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The USA’s Rural Area Internet Speeds Fall Deeply Behind the National Average

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The USA's Rural Area Internet Speeds Fall Deeply Behind the National Average - Government Grants -

A quartet of senators are seeking to raise the speed of Internet provided to rural parts of the country via a government grant.

Among the many government grants overseen by the USDA, the Community Connect program exists to provide broadband Internet to rural areas. This program’s current benchmark is 4 Mbps down/1 Mbps up, an improvement from the previous benchmark of 3 Mbps between both download and upload speeds.

While the FCC’s chairman believes that Americans should be able to enjoy speeds of at least 10 Mbps, Senators King (I-Maine), Capito (R-W.Va.), Shaheen (D-N.H.) and Gillibrand (D-N.Y.) believe that this rate is insufficient. The quartet of politicians mailed Tom Vilsack, Secretary of the USDA, inquiring as to why Community Connect’s speeds are lower than that of a 10/1 standard handled by the Broadband Access Loan Program (BALP), a separate program under the USDA. They also asked Vilsack to reconsider the differentiation between the two programs and to possibly reclassify the use of “broadband” in Community Connect’s services.

Community Connect grants money to governments, tribes, NPOs, and private companies in order for them to purchase broadband Internet in areas where no ISP is interested. The program has handed out $160 million to nearly 250 projects since 2002, with new applications filed just last month.

To qualify for Community Connect, an area must lack broadband capable of speeds less than 4/1. Raising this benchmark would allow more rural areas to seek funding, bringing regions otherwise unable to reasonably interact online to join the rest of the nation.

While Congress handed off the speed definitions to the USDA, the senators’ counterpoint was that tax-funded infrastructure should rise to meet the demands of the American public; that it’s not enough to have broadband access, but that that broadband Internet should allow Internet usage at speeds commensurate with taxes.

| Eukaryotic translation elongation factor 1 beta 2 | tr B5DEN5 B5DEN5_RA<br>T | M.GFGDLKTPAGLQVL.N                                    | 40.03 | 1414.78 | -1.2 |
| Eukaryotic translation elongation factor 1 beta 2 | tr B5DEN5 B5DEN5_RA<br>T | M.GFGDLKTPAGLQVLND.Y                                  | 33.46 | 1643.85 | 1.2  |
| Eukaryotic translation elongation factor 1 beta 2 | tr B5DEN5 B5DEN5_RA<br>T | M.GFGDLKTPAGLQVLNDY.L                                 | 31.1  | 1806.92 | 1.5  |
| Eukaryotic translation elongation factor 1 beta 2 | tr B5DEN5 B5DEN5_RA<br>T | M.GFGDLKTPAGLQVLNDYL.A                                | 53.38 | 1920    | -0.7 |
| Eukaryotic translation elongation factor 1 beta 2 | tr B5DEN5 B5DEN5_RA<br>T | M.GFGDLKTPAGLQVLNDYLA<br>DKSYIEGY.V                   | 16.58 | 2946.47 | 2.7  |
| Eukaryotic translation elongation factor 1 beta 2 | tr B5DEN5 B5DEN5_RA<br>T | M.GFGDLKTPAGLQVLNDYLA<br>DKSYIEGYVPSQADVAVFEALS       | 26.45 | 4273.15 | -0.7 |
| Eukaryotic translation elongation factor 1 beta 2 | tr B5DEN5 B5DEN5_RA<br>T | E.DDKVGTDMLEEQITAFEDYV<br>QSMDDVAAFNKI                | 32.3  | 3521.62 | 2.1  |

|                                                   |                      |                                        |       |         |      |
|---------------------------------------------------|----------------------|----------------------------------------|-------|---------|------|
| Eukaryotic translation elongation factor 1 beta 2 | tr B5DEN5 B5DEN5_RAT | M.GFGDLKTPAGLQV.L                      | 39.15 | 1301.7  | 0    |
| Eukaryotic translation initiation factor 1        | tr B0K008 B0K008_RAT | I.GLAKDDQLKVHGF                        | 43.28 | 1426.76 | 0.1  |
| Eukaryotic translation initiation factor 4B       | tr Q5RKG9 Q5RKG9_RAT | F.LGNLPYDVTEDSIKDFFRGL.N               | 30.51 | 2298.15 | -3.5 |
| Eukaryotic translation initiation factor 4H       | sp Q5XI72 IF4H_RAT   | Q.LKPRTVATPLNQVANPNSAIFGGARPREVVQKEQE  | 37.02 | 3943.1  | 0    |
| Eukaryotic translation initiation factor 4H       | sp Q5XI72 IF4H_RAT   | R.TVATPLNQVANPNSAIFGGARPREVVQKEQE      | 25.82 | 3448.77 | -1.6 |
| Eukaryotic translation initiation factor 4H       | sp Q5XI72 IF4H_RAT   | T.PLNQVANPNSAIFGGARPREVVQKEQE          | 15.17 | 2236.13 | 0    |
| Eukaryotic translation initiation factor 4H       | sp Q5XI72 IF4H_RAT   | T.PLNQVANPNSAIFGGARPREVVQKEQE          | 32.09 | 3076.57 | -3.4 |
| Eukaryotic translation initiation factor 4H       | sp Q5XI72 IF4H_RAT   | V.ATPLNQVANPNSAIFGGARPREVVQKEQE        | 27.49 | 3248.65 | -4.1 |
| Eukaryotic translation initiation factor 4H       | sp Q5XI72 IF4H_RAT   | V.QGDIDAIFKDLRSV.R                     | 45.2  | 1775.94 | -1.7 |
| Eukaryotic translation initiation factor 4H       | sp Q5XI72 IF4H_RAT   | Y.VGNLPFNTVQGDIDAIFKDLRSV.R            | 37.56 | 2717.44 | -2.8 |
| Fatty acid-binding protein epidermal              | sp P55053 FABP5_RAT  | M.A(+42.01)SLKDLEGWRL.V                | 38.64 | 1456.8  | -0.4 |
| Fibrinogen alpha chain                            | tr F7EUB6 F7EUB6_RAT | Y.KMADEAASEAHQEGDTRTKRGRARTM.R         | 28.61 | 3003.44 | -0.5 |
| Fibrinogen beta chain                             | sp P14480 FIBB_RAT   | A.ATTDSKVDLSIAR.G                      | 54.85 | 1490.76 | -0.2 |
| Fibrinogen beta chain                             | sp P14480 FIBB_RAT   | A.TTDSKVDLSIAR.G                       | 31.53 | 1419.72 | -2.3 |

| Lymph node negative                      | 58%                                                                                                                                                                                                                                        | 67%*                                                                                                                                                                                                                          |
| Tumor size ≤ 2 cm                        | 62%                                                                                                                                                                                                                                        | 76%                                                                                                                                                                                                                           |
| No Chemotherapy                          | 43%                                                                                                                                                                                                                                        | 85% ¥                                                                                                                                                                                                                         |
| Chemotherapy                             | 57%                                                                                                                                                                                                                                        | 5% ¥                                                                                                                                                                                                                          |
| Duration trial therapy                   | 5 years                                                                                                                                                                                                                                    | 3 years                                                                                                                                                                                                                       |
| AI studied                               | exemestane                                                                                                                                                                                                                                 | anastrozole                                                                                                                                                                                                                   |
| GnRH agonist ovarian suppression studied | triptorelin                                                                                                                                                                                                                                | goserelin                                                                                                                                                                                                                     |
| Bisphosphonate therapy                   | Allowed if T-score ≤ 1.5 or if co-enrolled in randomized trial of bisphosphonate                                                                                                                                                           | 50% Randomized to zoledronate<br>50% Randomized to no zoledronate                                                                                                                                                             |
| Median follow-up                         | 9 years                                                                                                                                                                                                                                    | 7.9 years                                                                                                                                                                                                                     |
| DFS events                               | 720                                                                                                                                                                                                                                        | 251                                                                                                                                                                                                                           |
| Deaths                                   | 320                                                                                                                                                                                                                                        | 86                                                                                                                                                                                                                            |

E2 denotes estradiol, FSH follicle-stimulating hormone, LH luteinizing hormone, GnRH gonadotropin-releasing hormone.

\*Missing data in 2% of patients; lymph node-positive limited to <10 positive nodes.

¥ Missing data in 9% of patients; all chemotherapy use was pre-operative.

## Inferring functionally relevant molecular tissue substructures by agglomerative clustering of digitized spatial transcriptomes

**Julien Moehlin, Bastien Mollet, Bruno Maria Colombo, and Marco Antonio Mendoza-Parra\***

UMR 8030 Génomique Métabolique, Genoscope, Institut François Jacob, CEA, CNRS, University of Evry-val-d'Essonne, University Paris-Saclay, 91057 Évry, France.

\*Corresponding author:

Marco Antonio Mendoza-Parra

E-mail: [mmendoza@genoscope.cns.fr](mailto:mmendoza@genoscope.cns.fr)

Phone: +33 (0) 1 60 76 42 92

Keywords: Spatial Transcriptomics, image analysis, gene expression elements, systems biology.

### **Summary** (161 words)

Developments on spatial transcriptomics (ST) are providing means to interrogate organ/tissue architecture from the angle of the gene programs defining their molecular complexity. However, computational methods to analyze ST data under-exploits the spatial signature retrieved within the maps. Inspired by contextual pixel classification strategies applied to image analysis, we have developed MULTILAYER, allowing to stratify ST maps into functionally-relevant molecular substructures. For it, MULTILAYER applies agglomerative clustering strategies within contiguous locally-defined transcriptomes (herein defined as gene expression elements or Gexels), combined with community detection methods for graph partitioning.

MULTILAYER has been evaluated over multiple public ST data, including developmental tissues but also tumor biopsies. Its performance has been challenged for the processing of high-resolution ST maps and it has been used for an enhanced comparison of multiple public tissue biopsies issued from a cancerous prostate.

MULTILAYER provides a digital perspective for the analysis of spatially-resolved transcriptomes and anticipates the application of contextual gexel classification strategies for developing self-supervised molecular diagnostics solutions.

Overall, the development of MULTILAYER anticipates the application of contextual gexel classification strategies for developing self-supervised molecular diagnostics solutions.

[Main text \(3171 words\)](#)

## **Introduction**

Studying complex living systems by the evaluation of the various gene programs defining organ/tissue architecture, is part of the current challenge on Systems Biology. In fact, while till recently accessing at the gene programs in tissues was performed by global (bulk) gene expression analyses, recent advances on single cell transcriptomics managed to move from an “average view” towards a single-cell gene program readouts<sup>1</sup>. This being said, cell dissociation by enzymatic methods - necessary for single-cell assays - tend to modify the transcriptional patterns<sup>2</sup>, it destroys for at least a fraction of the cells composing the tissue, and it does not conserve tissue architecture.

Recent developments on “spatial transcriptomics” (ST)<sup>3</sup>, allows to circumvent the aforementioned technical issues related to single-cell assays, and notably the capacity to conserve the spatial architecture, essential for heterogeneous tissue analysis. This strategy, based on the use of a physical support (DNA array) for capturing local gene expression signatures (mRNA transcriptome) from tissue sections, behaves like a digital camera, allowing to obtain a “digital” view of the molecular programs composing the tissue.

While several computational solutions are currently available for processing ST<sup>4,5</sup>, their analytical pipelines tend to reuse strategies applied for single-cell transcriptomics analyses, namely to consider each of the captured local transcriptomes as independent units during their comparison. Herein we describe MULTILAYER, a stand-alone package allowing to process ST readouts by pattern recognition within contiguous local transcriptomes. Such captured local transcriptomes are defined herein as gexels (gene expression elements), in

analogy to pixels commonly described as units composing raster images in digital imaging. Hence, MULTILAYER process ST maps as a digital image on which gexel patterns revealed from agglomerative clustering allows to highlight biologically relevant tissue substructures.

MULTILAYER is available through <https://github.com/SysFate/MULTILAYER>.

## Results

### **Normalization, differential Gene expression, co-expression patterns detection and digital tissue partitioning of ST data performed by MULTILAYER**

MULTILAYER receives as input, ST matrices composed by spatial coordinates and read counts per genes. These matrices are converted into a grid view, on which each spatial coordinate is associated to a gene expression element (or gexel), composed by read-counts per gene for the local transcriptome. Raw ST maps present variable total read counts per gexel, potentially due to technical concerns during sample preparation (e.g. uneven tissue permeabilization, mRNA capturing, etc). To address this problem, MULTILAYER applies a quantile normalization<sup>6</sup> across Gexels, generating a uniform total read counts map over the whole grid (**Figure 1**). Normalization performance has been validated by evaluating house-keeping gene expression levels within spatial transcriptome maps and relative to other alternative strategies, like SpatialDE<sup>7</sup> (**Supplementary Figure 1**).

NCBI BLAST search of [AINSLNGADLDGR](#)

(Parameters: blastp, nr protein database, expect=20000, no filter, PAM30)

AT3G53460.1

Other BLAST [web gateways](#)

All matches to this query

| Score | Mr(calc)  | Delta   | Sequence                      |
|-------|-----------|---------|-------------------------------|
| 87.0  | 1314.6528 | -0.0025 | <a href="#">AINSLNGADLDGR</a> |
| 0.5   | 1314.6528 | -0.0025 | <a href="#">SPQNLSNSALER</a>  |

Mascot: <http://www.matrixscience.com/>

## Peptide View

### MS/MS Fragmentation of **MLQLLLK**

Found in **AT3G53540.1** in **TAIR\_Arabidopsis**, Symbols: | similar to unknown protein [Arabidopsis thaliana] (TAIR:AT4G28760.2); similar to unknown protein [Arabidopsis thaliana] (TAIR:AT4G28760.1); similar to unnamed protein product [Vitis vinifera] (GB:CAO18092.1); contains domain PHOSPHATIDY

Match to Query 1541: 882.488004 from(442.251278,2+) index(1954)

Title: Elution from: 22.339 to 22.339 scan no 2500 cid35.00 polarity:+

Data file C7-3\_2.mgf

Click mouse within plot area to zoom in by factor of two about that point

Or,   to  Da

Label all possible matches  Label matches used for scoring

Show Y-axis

The FCC has been dealing with the classification of “broadband” speeds for years. In 2015, the FCC elevated “advanced telecommunications capability” from 4 down/1 up to the current 25 down/3 up benchmark, much to the frustration of ISPs hoping for a lower figure in order to avoid rephrasing their services.

Notably, 25 MBPS is not the normal speed for federal subsidies; the FCC’s rural broadband program offers 10/1 speeds, elevated from 4/1 in fall of ’14. FCC chairman Tom Wheeler commented then that 4/1 was “insufficient for modern Internet requirements.” Lifeline is an FCC program that uses a 10/1 speed and grants monthly subsidies to the poor in order to fund telecom services. Officials commented that the $9.25 subsidy would be insufficient for a 25/3 speed.

A spokesperson for the USDA responded to the senator’s letter by stating that Community Connect and BALP use different speeds because they handle different markets. While Community Connect handles “unserved” regions, BALP handled ‘underserved” regions. While the USDA is considered elevating BALP speeds to 25/3, it has issued no comment on changes to Community Connect’s the 4/1 speed.

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